Updated — Video of the lecture:
The Culpeper Star-Exponent wrote an article about a lecture at the Germanna Foundation:
Area residents are in for a treat tonight (Sept 12, 2019) as a researcher presents fresh findings about Virginia’s “German Regiment,” a notable player in the Revolutionary War.
Gabe Neville of Fairfax County, who has been studying the 8th Virginia Regiment for more than 20 years, will share his work on George Slaughter, a captain of the regiment’s Culpeper County company and one of the founders of Louisville, Ky.
Born in Culpeper in 1739, Slaughter probably was a descendant of the Germanna Colony’s settlers.
He recruited one of the first companies for the famous Culpeper Minutemen.
Slaughter probably participated in the Battle of Great Bridge, Virginia, an early patriot victory over the British. He stayed with the regiment through the battles of Charleston and Brandywine, earning a promotion to major of the 12th Virginia just before the Battle of Germantown, Neville has written.
At Valley Forge in December 1777, Slaughter learned that a fire had destroyed his family’s Culpeper house and that they were threatened by a smallpox epidemic. That prompted him to ask Gen. George Washington for a furlough, which was denied.
Slaughter resigned his commission on Dec. 23 and headed home, later asking to be reinstated.
Later, he recruited 150 Virginians to reinforce frontier militia leader George Rogers Clark’s western army, boating downstream to the falls of the Ohio River, where Louisville sprang up.
In 1780, Slaughter joined Clark on a military campaign against the Shawnee in Ohio. (Clark’s brother William and Meriwether Lewis, both Virginians, explored the Pacific Northwest from 1804 to 1806, journeying 8,000 miles into the unknown and back by boat, on foot and on horseback.)
When Clark departed for Virginia, he left Slaughter in command, and the Culpeper native oversaw construction of Fort Nelson at Louisville.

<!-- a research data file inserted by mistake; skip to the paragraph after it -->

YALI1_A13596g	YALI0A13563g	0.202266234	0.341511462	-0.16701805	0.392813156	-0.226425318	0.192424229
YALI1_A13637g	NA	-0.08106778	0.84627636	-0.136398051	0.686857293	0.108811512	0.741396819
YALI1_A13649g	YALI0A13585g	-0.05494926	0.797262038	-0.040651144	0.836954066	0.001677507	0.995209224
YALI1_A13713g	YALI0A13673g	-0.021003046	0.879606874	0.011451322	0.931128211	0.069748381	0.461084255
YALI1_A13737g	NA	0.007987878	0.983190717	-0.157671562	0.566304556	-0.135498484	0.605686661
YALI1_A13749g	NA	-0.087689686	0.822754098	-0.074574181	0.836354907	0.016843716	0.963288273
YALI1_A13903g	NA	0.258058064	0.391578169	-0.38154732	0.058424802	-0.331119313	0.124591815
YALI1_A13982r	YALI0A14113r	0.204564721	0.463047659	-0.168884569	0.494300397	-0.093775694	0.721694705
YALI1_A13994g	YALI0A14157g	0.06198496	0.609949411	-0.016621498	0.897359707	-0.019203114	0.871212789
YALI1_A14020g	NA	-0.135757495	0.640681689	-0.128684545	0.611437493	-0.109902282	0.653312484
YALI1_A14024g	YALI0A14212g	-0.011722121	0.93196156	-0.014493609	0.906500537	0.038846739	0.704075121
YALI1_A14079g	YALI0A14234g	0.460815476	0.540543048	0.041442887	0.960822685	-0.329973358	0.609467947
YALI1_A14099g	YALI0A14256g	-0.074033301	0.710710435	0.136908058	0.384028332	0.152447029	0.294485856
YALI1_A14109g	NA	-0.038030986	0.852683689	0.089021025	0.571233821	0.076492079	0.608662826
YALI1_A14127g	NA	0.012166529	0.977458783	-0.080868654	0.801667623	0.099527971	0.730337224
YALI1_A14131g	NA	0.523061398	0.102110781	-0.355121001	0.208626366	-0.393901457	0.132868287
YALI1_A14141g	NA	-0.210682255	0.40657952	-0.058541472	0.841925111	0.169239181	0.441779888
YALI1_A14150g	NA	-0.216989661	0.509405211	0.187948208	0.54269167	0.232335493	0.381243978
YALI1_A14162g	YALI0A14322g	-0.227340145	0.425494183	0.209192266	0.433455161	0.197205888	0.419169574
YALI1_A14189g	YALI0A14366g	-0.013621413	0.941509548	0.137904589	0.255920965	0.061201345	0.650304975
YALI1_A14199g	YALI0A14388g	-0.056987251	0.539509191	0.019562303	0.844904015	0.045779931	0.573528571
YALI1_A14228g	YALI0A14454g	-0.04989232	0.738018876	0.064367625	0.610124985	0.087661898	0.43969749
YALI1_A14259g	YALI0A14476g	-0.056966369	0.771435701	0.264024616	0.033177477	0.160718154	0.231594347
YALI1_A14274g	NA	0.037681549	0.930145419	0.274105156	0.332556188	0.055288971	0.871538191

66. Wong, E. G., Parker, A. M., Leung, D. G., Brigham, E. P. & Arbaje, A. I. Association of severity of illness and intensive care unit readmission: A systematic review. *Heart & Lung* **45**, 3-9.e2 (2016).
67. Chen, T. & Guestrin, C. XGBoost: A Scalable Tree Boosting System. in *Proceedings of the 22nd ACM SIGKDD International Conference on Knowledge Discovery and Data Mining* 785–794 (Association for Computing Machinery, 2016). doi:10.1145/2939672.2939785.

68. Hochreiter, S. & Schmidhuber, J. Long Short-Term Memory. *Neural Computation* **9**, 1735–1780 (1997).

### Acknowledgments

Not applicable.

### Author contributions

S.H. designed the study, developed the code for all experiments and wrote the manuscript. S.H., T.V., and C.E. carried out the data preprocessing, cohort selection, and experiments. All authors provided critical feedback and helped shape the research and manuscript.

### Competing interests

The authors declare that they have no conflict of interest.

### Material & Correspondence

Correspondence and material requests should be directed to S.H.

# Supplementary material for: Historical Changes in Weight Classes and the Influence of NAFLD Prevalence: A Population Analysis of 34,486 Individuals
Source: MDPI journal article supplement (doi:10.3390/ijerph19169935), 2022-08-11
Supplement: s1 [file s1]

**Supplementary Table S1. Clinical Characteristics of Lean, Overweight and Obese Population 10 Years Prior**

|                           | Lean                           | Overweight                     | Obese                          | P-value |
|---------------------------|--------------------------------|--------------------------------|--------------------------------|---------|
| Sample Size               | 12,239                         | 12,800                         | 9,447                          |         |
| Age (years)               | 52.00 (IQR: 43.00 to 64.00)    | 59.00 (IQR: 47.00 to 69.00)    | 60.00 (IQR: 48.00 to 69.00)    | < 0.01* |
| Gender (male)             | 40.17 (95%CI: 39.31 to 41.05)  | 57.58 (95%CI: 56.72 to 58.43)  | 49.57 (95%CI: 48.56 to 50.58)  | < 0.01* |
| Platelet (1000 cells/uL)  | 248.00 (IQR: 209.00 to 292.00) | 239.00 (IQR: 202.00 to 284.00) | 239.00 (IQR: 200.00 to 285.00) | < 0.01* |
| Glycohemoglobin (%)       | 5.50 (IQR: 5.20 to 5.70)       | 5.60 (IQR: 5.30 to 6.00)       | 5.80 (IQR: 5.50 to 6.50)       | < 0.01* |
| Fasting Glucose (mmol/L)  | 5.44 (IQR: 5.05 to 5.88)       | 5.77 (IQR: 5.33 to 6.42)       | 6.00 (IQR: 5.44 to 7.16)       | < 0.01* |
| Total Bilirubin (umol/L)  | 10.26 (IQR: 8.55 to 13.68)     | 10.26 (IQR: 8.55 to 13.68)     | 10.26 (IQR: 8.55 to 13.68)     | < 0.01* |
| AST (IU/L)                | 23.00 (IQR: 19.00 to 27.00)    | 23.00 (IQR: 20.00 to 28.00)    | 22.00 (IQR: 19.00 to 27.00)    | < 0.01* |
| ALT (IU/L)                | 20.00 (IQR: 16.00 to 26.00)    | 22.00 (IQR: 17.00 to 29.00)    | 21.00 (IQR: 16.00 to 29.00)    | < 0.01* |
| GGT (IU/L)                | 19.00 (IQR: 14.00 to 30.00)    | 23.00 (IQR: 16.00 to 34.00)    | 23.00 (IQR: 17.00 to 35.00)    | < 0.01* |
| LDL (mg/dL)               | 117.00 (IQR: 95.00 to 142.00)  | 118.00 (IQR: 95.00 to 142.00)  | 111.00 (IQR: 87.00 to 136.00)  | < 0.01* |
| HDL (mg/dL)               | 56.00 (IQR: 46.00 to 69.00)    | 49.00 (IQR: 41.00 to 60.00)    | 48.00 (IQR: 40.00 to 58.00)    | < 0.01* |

At age 25, Slaughter had volunteered to help suppress an Indian uprising known as Pontiac’s Rebellion. A decade later, he participated in Dunmore’s War, the royal governor of Virginia,’s campaign to “pacify” the Indians.
“An 8th Virginia soldier like Captain George Slaughter might have seen the Revolution as one chapter in a six-decade fight with the Indians for control of Kentucky and Ohio,” Neville has written.
“The territories were the scenes of nearly constant bloodshed from the defeat of General Edward Braddock in 1755 to the defeat of Shawnee chief Tecumseh in 1813. Slaughter and his comrades suffered from no moral anguish when it came to killing Indians.”
Nevillle will also mention other Culpeper soldiers with Germanna connections, following their stories into the Tennessee and Kentucky postwar frontiers.
A former journalist and congressional staffer, Neville is a senior advisor at Covington & Burling, an international law firm based in Washington, D.C. The Pennsylvania native writes a blog at 8thVirginia.com and updates a Facebook page, facebook.com/8thVirginia.
Neville has written articles for the Journal of the American Revolution, The Philadelphia Inquirer, and National Review.
The public is invited to his 7 p.m. talk in the Germanna Foundation’s new Hitt Archaeology Center, next to its five-sided, cupola-topped Fort Germanna Visitor Center on State Route 3 at the Orange-Culpeper line. The foundation’s headquarters is next to Germanna Community College’s Locust Grove Campus; the address is 2062 Germanna Highway, Locust Grove. Please register via Eventbrite.
After Neville’s presentation, he will entertain questions from the audience.